Nearly 40 percent of the uninsured population in America lives in the suburbs and nearly one in seven suburban residents lacks health insurance.
Despite the suburbs’ general reputation of affluence, the U.S.’s growing poor population in suburban areas faces substantial barriers to accessing health care — similar to those faced by the urban and rural poor — according to the study.
It is the first national analysis comparing health care coverage and access between people living in the suburbs and people in urban and rural areas.
The study appears in the October 2017 issue of Health Affairs.
“We rarely think about suburbs when we think about vulnerable populations. Increasing rates of suburban poverty haven’t gotten much attention from the public health sector, and policymakers really haven’t started to consider what these shifts in the geography of poverty mean for health care access and for health disparities,” said lead author Ms. Alina Schnake-Mahl, a doctoral student at Harvard Chan School of Public Health.
Poverty has been on the rise in suburbia for a number of reasons: job losses and loss of wealth during and after the 2008 recession; a “return to the city” trend among millennials and empty nesters and subsequent pricing out of lower-income families; more affordable suburban housing options; and international immigration to suburban communities.
To explore more about how these shifts are impacting health insurance rates and health care access, the researchers analyzed data from 2005 – 15 from roughly 2.7 million adults interviewed as part of the U.S. Centers for Disease Control and Prevention’s Behavior Risk Factor Surveillance System, an annual national telephone survey.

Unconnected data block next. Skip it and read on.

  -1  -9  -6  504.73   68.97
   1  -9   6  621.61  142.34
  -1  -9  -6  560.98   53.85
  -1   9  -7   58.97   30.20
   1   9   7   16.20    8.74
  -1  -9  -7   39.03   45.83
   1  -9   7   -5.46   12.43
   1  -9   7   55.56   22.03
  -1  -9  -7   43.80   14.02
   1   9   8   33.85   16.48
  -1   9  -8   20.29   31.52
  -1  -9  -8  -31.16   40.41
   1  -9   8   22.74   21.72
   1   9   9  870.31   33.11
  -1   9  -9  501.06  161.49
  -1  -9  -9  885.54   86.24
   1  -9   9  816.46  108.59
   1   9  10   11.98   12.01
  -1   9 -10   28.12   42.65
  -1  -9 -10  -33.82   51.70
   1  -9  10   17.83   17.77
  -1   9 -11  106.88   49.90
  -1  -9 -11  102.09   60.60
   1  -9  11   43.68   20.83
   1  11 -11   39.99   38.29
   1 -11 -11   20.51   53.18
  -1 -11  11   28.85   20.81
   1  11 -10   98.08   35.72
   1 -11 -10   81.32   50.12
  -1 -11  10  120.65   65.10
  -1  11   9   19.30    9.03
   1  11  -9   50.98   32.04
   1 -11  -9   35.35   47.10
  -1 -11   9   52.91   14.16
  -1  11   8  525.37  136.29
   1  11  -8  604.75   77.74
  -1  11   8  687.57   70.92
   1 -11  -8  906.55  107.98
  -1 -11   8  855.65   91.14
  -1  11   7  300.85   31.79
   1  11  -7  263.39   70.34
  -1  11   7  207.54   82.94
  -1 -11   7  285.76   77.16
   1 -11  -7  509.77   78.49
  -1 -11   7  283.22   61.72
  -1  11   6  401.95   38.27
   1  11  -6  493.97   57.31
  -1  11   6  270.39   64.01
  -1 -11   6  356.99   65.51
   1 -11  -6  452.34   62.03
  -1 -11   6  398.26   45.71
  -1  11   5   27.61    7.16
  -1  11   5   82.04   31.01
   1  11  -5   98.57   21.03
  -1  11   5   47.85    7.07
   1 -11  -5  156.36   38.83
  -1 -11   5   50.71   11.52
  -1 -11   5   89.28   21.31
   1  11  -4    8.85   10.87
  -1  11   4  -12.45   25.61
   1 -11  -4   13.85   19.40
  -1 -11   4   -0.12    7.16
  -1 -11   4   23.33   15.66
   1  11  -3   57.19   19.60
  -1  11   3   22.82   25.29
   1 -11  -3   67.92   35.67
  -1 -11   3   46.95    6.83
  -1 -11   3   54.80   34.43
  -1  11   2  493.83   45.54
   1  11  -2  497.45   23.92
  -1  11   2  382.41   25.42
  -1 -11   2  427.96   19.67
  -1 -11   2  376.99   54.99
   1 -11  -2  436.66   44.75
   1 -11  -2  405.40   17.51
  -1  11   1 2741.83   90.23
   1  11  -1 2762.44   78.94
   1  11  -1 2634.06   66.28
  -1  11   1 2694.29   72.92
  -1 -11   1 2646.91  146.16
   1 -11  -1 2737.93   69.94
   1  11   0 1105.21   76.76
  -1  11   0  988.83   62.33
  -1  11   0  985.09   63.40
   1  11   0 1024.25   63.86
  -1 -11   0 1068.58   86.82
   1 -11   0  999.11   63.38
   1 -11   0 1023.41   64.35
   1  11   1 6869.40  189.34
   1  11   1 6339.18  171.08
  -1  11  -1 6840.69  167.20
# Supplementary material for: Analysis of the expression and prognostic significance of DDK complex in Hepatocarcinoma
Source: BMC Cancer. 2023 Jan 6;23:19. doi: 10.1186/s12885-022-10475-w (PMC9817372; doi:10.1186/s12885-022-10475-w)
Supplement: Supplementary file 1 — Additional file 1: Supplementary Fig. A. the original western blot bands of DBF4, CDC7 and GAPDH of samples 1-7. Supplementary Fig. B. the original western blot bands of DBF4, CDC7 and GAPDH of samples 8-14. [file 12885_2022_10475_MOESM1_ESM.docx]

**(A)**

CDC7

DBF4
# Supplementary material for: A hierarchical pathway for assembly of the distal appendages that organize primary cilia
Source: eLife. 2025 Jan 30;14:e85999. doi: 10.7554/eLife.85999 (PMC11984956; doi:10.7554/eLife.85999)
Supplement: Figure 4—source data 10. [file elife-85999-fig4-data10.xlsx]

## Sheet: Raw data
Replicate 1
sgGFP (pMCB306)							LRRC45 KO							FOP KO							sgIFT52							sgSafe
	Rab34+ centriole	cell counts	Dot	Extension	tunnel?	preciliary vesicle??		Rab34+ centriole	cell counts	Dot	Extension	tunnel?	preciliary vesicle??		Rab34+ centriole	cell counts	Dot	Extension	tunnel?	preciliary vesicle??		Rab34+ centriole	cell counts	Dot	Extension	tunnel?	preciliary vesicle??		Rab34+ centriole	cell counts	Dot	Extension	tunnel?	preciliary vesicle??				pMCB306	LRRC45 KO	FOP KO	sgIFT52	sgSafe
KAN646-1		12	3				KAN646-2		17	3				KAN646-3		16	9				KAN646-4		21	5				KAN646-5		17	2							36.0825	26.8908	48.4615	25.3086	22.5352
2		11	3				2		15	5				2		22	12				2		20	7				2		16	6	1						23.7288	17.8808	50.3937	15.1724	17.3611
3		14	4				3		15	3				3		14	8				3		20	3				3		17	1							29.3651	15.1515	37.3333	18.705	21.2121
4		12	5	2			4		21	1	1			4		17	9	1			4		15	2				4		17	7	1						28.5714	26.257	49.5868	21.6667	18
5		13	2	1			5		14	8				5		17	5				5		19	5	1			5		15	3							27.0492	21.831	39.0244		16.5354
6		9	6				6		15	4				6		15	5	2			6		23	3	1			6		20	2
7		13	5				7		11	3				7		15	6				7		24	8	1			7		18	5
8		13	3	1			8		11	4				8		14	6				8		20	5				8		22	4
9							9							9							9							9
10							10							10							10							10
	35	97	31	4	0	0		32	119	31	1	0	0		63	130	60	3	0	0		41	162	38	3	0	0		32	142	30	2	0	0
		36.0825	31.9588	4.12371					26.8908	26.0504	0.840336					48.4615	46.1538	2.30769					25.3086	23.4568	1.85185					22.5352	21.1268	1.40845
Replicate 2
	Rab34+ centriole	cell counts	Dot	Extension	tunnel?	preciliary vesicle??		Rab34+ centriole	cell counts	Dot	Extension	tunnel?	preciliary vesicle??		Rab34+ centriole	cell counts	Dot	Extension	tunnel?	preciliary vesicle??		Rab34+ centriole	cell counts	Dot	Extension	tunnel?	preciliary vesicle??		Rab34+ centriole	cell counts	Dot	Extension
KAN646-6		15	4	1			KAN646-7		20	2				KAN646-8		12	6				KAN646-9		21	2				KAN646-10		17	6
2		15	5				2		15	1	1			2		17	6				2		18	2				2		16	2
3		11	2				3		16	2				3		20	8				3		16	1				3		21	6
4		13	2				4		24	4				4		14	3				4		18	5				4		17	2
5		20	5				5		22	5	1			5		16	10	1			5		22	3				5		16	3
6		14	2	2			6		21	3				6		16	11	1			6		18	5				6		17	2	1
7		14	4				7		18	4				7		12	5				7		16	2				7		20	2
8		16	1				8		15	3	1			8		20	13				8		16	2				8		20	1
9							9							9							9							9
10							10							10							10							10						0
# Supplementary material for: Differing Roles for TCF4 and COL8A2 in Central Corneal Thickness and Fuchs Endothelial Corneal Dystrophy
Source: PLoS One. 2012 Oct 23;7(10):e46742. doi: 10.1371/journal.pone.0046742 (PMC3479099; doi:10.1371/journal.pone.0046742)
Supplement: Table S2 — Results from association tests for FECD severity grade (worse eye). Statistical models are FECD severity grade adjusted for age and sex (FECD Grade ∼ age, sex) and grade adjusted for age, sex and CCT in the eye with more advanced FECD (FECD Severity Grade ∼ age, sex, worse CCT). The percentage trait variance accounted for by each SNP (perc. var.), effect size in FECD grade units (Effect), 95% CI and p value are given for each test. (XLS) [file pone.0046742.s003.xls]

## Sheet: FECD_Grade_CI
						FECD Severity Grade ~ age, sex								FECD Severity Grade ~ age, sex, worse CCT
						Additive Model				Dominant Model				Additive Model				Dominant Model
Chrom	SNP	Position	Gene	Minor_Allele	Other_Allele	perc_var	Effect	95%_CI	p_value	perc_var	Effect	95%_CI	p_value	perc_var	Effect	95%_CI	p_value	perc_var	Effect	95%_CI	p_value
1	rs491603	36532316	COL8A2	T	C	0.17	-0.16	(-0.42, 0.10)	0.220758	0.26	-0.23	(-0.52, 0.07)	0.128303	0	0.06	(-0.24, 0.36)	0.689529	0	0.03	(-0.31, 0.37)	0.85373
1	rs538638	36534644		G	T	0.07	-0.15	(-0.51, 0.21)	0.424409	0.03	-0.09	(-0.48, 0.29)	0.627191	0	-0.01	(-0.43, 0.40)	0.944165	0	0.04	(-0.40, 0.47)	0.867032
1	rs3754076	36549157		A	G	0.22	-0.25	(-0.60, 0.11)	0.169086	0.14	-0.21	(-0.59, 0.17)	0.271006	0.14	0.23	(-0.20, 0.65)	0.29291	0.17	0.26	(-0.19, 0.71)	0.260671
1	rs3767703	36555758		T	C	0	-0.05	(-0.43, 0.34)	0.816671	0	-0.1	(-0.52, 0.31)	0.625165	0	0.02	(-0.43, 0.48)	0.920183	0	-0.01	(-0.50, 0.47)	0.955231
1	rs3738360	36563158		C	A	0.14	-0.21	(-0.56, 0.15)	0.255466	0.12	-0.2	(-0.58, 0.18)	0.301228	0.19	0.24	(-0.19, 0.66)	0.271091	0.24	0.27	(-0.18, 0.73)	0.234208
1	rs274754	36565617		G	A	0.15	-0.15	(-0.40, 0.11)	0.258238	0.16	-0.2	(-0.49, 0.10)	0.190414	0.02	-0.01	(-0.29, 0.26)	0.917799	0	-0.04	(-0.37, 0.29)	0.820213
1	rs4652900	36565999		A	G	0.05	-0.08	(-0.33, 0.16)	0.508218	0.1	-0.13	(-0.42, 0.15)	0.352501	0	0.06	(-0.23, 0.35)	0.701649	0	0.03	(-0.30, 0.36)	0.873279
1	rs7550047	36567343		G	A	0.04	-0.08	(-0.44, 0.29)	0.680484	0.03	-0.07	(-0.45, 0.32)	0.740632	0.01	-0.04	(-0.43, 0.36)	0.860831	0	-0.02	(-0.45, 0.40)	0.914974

The findings showed that:
Uninsurance rates did decline in the suburbs after implementation of the Affordable Care Act (ACA) in 2014 — as they did in all geographic regions — but suburban coverage gains appear to have been more limited than in urban and rural areas. While the uninsurance rate in the suburbs had been lower than in other regions from 2005 – 14, by 2015 it was essentially the same as in urban areas.
Speculating as to why poor suburbanites face barriers to health care coverage and access, the researchers pointed out challenges unique to the suburbs: the relative lack of community health centers and free clinics; safety net hospitals that are far from home with limited public transportation options; providers that may be reluctant to treat uninsured patients; and limited availability of services such as mental health and substance abuse treatment.
“In most studies, suburban areas are grouped with urban areas. But suburbs are unique geographies with specific challenges for health care access. Providing services and care to the suburban poor population may require different policies than those typically relied on in urban or rural areas,” said Ms. Schnake-Mahl.
Senior author of the study was Dr. Benjamin Sommers, associate professor of health policy and economics at Harvard Chan School and associate professor of medicine at Brigham and Women’s Hospital.
“Health Care In The Suburbs: An Analysis Of Suburban Poverty and Health Care Access,” Alina S. Schnake-Mahl and Dr. Benjamin D. Sommers, Health Affairs, October 2017, doi: 10.1377/hlthaff.2017.0545